Safe and effective COVID-19 vaccines linked to £100bns of net value for the UK

Substantial health and economic impact of COVID-19 vaccines in the UK over the next 10 years
Illustration of COVID-19. Credit: CDC/Alissa Eckert

A safe and 95% effective COVID-19 vaccine with three-year protection against both disease and infection could create £100bns of net value for the UK, according to new research published in The Lancet Infectious Diseases.

The study is the first to model both disease transmission and economic impact in order to provide broad insights about possible future scenarios in a post-vaccination era. It suggests a safe and effective COVID-19 vaccine will save lives, reduce health sector costs and the impact on the national economy by averting physical distancing.

The modelling study was conducted by researchers at the London School of Hygiene & Tropical Medicine (LSHTM) and Public Health England (PHE). It shows that the huge investments that governments have made in research to develop SARS-CoV-2 vaccines have been worthwhile to accelerate the development of vaccine candidates at an unprecedented speed. Key determinants of the value of vaccines were the length of time that people were immune following natural infection, and the price of the vaccine.”

It estimates that even a vaccine that prevents only 50% of symptomatic cases and with short-lived protection for 45 weeks may be worth the cost of development, buying and distributing it, but on its own would not prevent regular large outbreaks.

Ongoing transmission is also expected in an intermediate scenario where vaccines are partially effective against infection, similar to that reported in the phase 3 clinical trials of some of the vaccines used in the UK today.

Professor Mark Jit, study senior author, said: “Models have shown the impact COVID-19 vaccines can have on health. But we know that governments also have to consider economic factors when they make decisions. Our new study looks at the impact of vaccines on health-related quality of life, net health costs and the wider economy.”

The study modelled best-case to worst-case vaccination scenarios, and a range of scenarios for both government-mandated and voluntary physical distancing. Increased physical distancing was assumed to trigger when the number of new COVID-19 cases every day exceeded a certain threshold. The wider economic impact used simple projections of past data on the UK’s gross domestic product (GDP) to estimate the economic health of the UK over 10 years, to provide general insights rather than precise predictions.

The research took a novel approach compared to most other COVID-19 models, by looking beyond only deaths, and accounting for economic impact and the quality of life lost in symptomatic cases, too. In addition, the study also explored the value of physical distancing measures when no vaccine is available (such as the situation in the UK in 2020).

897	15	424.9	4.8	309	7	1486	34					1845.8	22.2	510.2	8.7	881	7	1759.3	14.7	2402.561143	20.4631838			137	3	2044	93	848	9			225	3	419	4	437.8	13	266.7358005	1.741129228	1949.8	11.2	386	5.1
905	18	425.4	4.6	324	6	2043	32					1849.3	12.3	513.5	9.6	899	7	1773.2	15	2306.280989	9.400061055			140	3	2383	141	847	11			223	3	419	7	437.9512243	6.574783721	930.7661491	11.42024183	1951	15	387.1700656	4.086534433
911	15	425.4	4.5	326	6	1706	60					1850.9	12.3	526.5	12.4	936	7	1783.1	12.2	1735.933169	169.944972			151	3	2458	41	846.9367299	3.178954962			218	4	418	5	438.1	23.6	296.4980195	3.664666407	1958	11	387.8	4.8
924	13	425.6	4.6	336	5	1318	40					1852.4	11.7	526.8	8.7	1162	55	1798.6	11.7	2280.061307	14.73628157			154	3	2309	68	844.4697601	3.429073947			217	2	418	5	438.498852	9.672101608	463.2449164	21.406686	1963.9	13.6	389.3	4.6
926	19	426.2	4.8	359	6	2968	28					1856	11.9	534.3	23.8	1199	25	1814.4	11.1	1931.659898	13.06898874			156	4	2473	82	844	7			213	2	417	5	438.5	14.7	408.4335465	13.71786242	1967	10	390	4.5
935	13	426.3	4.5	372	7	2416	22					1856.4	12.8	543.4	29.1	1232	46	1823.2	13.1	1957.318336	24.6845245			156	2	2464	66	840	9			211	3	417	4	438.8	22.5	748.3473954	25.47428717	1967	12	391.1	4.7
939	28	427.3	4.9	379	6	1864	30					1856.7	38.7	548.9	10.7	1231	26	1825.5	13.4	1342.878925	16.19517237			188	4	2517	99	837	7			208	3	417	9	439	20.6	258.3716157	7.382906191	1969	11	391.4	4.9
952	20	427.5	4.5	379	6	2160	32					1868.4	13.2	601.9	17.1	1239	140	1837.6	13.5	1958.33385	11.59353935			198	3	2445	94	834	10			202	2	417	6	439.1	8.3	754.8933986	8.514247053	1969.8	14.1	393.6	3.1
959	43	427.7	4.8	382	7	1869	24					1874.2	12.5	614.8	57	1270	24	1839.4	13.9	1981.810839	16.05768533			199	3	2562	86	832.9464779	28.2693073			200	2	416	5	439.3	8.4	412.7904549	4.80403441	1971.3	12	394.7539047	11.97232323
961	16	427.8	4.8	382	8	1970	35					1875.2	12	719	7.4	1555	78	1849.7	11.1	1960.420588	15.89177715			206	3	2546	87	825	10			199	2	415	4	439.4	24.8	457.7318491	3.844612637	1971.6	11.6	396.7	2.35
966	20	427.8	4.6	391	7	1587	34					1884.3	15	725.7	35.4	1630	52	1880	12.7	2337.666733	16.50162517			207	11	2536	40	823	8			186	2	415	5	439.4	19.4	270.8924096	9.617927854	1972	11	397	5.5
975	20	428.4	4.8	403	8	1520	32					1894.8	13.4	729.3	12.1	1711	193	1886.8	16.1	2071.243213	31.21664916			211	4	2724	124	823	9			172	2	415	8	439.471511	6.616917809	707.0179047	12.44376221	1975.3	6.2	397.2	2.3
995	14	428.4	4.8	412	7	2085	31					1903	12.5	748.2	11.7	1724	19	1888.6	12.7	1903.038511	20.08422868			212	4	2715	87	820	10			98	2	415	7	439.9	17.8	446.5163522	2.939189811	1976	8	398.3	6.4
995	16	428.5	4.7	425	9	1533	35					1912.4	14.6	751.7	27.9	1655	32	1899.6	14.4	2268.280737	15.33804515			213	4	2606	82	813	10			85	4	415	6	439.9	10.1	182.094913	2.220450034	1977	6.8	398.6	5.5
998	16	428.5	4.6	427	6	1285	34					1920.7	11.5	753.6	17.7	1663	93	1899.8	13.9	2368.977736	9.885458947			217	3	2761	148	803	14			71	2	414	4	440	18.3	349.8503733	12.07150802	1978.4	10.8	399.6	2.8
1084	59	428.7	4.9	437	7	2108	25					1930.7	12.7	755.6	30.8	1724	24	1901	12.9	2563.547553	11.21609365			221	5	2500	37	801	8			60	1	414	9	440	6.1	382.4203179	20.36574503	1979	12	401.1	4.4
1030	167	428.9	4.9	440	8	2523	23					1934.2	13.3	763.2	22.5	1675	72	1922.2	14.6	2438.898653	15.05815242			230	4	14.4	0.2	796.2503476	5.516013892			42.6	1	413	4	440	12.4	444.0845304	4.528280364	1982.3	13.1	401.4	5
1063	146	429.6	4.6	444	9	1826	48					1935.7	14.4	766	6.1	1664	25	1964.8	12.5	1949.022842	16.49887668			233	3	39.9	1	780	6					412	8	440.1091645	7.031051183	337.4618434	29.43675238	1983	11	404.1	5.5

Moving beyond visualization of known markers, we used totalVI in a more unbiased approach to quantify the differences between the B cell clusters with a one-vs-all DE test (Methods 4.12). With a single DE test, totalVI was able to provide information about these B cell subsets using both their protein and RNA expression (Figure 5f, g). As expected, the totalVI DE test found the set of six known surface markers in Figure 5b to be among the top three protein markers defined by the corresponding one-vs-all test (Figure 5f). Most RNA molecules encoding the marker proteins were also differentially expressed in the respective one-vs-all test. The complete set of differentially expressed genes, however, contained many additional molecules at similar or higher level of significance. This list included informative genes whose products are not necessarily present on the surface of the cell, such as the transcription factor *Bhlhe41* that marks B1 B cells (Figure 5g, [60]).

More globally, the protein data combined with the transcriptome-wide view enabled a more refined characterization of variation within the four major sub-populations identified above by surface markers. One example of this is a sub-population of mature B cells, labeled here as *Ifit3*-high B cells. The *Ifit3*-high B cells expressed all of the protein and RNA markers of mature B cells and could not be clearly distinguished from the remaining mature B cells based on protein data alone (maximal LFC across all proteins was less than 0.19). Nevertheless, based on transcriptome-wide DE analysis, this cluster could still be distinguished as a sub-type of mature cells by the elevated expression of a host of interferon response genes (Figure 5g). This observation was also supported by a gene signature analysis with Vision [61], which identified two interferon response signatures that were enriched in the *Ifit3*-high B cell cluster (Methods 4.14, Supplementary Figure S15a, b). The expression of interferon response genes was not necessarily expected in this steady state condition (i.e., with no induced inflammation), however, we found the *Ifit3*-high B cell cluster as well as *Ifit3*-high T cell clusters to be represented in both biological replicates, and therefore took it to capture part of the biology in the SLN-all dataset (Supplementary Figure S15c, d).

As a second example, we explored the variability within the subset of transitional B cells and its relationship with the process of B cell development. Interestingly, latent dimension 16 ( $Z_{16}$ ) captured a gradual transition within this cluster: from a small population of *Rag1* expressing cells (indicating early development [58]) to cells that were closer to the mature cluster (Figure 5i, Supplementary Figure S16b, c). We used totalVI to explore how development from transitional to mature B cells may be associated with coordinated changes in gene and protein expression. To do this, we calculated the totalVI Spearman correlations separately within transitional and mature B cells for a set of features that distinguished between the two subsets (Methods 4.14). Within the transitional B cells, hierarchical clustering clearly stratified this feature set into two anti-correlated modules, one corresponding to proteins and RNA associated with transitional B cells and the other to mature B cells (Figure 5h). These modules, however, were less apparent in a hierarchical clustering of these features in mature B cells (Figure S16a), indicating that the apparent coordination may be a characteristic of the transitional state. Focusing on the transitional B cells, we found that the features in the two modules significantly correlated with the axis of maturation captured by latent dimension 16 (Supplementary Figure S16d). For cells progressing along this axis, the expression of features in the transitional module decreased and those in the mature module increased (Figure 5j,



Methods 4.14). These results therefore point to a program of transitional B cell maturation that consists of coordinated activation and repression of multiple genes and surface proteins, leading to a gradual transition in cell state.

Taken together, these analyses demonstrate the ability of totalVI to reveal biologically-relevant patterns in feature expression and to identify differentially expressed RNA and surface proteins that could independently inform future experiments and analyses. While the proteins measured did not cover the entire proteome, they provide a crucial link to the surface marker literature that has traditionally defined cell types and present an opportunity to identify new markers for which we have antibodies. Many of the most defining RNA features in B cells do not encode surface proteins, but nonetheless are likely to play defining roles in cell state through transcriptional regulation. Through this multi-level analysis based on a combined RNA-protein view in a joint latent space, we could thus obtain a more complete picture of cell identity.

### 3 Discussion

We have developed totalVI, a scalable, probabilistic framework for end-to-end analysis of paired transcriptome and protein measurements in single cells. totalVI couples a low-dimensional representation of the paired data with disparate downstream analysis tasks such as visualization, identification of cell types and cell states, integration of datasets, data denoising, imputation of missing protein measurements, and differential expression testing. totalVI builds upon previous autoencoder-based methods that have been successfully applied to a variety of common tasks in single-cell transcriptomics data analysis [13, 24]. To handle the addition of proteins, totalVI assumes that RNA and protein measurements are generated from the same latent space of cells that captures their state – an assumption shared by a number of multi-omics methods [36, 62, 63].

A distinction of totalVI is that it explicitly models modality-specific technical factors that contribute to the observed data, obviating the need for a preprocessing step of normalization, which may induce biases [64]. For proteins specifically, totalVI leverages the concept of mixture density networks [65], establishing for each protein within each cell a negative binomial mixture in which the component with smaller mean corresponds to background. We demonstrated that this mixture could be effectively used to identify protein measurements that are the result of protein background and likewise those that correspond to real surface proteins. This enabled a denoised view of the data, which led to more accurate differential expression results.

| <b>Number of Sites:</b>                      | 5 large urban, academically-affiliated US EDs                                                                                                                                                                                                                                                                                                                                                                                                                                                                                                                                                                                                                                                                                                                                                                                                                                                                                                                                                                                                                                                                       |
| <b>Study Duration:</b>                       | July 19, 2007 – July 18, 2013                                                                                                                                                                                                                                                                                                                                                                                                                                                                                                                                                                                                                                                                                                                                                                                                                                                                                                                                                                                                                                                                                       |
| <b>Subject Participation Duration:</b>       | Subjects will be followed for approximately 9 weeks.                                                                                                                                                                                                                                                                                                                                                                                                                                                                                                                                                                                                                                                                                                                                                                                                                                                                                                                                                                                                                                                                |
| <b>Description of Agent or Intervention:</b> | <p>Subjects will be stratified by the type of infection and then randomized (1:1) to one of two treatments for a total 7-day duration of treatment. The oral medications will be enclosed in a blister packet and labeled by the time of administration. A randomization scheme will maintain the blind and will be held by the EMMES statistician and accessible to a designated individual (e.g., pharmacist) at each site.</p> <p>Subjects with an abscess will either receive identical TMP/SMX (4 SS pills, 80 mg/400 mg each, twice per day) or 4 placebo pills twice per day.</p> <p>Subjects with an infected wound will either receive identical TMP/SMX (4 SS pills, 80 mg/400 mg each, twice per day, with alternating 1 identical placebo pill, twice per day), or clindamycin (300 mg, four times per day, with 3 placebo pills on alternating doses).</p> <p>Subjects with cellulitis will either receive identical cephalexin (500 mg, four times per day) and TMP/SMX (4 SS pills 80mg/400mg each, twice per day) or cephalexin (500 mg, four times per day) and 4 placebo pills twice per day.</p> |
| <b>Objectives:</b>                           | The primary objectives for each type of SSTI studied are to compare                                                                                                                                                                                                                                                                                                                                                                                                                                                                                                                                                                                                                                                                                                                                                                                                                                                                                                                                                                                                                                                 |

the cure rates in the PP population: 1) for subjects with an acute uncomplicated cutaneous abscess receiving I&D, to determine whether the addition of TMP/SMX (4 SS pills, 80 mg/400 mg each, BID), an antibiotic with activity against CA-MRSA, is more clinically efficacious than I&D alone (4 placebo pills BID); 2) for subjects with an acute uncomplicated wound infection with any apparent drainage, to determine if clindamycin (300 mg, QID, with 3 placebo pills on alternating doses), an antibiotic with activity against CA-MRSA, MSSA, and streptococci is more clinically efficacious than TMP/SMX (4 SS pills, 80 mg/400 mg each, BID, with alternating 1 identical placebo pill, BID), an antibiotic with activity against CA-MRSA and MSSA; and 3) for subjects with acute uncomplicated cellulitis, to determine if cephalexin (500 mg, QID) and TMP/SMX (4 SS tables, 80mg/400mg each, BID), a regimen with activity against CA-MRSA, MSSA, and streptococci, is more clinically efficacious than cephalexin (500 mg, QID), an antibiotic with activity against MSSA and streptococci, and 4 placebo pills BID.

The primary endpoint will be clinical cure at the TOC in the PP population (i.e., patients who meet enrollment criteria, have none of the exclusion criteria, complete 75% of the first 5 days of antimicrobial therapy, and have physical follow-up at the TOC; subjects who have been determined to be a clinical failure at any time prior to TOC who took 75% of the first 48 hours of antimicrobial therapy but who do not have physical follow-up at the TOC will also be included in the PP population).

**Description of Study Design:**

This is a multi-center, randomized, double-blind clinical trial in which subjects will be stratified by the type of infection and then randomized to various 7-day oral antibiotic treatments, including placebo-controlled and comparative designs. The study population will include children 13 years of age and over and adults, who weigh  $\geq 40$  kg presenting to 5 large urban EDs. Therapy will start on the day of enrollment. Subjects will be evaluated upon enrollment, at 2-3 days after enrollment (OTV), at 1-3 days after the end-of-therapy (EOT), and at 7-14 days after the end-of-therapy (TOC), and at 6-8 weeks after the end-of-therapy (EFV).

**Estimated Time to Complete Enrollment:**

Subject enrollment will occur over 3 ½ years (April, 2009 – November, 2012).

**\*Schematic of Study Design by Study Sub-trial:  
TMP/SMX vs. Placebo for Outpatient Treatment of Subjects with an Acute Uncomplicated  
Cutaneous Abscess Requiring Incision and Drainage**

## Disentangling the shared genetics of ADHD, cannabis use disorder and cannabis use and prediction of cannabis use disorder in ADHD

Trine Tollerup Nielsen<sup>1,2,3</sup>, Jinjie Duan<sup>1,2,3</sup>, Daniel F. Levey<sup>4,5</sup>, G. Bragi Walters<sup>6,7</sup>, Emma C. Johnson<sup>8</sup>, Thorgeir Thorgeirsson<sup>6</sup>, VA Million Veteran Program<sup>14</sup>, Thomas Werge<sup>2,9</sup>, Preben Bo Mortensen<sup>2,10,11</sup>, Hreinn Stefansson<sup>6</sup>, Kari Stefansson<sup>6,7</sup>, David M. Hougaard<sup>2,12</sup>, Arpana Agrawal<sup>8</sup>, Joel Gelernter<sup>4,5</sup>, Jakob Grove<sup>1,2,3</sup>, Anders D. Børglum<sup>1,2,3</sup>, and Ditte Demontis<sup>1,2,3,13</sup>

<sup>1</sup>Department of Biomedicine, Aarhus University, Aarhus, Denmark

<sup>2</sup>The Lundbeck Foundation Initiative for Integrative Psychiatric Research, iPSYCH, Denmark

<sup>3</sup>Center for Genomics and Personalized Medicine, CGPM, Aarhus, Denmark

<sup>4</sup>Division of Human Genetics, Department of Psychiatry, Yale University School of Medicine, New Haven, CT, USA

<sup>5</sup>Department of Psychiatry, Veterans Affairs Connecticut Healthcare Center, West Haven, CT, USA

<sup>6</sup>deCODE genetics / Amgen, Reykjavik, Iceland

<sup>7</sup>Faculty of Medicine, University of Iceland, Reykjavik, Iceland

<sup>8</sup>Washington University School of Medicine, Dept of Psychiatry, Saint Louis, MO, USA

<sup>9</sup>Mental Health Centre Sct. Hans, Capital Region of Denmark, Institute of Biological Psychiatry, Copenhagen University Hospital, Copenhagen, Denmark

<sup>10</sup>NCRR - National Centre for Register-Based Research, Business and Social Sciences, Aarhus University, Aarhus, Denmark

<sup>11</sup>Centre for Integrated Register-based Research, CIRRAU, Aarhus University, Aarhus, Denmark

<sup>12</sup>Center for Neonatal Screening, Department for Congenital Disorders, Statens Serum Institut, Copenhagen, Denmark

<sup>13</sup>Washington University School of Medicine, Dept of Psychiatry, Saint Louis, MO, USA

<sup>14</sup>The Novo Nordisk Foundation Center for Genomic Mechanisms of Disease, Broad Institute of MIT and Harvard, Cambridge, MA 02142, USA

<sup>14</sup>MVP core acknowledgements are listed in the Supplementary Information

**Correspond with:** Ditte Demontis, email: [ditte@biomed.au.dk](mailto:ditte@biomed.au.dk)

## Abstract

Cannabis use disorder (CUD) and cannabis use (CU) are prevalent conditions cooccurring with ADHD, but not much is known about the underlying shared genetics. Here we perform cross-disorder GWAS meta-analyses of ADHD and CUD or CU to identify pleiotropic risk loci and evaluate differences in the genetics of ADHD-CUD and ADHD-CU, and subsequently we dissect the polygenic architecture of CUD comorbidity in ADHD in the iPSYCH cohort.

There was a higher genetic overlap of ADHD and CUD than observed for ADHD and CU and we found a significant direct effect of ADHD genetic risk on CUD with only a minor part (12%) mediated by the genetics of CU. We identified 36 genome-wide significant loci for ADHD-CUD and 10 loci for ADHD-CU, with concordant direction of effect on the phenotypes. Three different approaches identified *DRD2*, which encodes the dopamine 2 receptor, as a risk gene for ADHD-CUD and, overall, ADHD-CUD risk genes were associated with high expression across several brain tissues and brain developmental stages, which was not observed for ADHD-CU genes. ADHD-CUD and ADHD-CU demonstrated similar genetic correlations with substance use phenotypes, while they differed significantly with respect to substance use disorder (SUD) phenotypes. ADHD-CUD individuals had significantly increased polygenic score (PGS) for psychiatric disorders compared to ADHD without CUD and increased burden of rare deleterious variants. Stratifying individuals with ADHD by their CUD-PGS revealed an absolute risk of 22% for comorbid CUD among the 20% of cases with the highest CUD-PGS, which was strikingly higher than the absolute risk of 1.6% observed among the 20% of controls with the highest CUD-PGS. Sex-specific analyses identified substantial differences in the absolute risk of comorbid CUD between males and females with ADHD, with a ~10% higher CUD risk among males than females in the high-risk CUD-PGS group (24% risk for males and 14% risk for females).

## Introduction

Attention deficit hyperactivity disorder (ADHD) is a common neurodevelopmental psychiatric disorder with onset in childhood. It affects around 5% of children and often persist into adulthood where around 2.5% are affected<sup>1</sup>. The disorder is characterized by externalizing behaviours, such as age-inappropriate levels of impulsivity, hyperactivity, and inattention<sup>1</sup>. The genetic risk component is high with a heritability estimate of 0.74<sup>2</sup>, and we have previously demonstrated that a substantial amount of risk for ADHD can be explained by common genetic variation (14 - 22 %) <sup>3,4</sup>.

Professor Jit said: “The pandemic has seen vaccines been developed at a rate never seen before. The investment to support these life-saving interventions has been huge. Our results highlight that this expense has been worth it and will benefit the UK, now and in the future.”

Professor Raina MacIntyre of the University of New South Wales, who was not directly involved in the research, commented: “The health and economic burden of living with COVID-19 in the intermediate and worst-case scenarios creates a double disadvantage of high disease burden and high economic cost of ongoing physical distancing measures. While we do not yet know if herd immunity is possible, only the use of high-efficacy vaccines (at least 80–90% against all infection) can possibly achieve it, especially if children can also be vaccinated. Sandmann and colleagues' research provides a rational pathway to aiming for a best-case health and economic scenario.”

Further challenges lie ahead with the rise of new variants of concern that may escape the immune response and vaccines needing to be matched to these emergent variants. The value of vaccines will also depend on other socioeconomic and health-related policies and population behaviours, which underlines the importance of achieving high vaccine uptake in the UK as well as internationally.

The study was partly funded by the UK National Institute for Health Research, the Bill & Melinda Gates Foundation, and the European Union's Horizon 2020 research and innovation programme.



Frank G Sandmann, Nicholas G Davies, Anna Vassall, W John Edmunds, Mark Jit, on behalf of the Centre for the Mathematical Modelling of Infectious Diseases COVID-19 working group. The potential health and economic value of SARS-CoV-2 vaccination alongside physical distancing in the UK: a transmission model-based future scenario analysis and economic evaluation. Lancet Infectious Diseases. DOI: 10.1016/S1473-3099(21)00079-7

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